Crisaborole 2% Ointment for Mild-to-Moderate Atopic Dermatitis

Aryan Riahi, BSc; Joseph M. Lam, MD, FRCPC


Skin Therapy Letter. 2021;26(1) 

In This Article

Treatment Options for Atopic Dermatitis

The goals of treatment for AD are to achieve symptom reduction and prevent exacerbations. This approach is balanced with minimizing the risks of therapy. The mainstay therapy of AD is topical corticosteroids (TCS).[16] An alternative to TCS is topical calcineurin inhibitors (TCI). Both treatments elicit potential side effects if used improperly. The face and skin folds are areas at high risk for atrophy with inappropriate use of TCS. High potency TCS also pose the risk of systemic toxicity, such as adrenal suppression in pediatric populations, especially if used under occlusion, e.g., diapered area.[17,18] TCI medications such as topical tacrolimus ointment and pimecrolimus cream do not carry the risk of skin atrophy, but may burn and sting on application. Patient education is needed as topical tacrolimus and pimecrolimus come with an FDA black box warning for increased risk of malignancies such as lymphoma.[19,20] Since the regulatory manadate to include the black box warning was institued in 2005, there has been mounting evidence to support the safe use of TCIs and the increased risk of malignancy remains theoretical. Prior to topical crisaborole, no new topical molecules have been approved to treat AD over the last 15 years.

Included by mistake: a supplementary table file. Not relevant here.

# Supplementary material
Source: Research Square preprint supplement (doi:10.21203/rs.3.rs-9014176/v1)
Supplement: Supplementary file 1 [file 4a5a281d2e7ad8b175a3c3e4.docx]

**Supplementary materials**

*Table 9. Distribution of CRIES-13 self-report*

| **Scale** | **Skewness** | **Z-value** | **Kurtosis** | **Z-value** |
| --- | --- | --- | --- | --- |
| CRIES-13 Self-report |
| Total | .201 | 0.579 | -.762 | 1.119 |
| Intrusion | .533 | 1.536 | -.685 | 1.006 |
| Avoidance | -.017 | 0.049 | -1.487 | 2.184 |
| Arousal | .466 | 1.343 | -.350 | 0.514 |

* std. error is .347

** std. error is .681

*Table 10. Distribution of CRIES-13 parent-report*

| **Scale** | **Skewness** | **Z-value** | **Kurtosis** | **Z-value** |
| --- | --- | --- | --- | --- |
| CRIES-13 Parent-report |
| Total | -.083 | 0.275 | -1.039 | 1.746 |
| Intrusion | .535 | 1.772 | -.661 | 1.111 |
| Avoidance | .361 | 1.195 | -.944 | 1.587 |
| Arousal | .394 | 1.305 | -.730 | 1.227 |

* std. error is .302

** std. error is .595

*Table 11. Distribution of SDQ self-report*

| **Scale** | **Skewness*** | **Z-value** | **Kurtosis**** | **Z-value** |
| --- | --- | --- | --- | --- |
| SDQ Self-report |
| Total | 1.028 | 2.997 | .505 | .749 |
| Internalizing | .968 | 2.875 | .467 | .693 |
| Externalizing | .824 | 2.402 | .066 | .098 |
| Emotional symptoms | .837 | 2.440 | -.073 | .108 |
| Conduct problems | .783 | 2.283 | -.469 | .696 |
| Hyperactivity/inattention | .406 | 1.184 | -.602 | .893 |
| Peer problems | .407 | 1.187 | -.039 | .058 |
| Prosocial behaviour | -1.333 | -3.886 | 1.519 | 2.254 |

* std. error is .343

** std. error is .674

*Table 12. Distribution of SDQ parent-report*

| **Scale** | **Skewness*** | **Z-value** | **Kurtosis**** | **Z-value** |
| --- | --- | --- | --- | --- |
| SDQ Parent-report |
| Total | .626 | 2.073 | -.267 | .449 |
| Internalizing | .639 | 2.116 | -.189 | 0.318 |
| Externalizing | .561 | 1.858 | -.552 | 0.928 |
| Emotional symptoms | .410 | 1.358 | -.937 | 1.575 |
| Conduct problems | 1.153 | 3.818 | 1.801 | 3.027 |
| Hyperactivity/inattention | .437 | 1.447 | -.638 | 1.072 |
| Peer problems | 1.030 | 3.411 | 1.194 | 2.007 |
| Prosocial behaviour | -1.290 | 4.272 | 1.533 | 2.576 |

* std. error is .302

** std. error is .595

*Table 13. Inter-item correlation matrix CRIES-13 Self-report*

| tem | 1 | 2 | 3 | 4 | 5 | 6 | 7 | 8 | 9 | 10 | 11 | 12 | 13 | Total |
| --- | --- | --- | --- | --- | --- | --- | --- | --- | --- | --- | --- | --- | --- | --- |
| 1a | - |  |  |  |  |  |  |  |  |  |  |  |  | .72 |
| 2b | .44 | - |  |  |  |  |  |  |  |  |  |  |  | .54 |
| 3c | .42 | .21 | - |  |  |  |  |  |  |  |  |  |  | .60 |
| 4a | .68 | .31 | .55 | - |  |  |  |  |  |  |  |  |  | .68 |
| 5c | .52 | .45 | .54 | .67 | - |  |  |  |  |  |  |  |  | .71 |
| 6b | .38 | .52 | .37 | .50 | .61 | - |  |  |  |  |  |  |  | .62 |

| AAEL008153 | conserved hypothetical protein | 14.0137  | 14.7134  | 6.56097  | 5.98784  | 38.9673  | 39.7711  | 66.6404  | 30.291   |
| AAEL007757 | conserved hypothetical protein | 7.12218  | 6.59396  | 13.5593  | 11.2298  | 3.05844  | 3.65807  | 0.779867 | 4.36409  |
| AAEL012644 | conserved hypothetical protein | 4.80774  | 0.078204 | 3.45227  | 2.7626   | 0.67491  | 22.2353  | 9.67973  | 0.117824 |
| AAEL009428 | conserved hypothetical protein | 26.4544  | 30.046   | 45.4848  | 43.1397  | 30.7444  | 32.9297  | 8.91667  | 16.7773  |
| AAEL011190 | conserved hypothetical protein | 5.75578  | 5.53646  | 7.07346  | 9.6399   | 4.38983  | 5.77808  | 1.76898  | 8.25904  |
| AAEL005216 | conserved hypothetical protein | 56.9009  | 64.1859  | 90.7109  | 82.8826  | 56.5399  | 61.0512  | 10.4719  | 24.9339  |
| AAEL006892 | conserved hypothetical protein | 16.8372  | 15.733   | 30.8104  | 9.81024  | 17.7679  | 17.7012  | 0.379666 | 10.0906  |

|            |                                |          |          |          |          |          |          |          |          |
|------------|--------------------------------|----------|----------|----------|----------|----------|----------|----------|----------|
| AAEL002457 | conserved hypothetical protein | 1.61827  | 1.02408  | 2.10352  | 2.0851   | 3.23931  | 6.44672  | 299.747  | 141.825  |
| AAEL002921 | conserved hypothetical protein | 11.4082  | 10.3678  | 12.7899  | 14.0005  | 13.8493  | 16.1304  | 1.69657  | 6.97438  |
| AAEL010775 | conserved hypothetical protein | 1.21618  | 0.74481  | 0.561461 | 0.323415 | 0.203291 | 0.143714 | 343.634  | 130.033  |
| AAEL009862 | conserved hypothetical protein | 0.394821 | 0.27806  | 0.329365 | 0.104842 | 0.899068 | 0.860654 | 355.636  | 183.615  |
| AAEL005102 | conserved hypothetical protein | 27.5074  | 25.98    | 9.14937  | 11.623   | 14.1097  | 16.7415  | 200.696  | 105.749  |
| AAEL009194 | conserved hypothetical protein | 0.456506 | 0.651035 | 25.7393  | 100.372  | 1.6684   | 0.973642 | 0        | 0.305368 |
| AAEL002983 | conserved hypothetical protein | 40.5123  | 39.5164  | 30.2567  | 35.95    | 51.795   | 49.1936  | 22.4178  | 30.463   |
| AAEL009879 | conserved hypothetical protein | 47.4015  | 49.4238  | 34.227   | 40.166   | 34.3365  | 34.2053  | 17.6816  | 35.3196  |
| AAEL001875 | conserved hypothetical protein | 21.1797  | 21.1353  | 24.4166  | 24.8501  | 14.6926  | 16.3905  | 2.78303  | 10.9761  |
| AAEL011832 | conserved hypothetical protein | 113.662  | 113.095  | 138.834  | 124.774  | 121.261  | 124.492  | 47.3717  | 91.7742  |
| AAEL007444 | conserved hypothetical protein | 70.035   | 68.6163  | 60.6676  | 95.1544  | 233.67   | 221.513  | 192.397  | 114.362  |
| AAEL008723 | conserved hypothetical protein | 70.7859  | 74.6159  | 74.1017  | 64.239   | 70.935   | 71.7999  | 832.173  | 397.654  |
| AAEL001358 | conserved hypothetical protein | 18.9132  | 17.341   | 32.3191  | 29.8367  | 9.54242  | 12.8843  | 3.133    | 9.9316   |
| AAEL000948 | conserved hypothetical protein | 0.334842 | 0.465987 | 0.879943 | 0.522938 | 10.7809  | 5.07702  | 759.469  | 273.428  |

Severe AD may warrant the use of ultraviolet-B (UVB) phototherapy or systemic immunosuppressant therapy such as cyclosporine, methotrexate, or mycophenolate mofetil when the patient is refractory to topical treatments.[21] In 2019, both the FDA and Health Canada approved dupilumab for treating patients with AD >12 years of age who suffer from moderate-to-severe AD when topical therapies are ineffective or not advised.[22–24] Dupilumab is a fully human monoclonal antibody that binds to the IL-4 receptor and inhibits signaling of IL-4 and IL-13.[25]

Crisaborole 2% is a topical PDE4 inhibitor indicated for the treatment of mild-to-moderate AD. Studies have shown that crisaborole 2% ointment improves AD signs such as exudation, excoriation, lichenification, and especially pruritus. Unlike TCS and TCI therapies, systemic exposure to crisaborole is limited.[26] The most common side effects are pain and paresthesia at the application site.[27]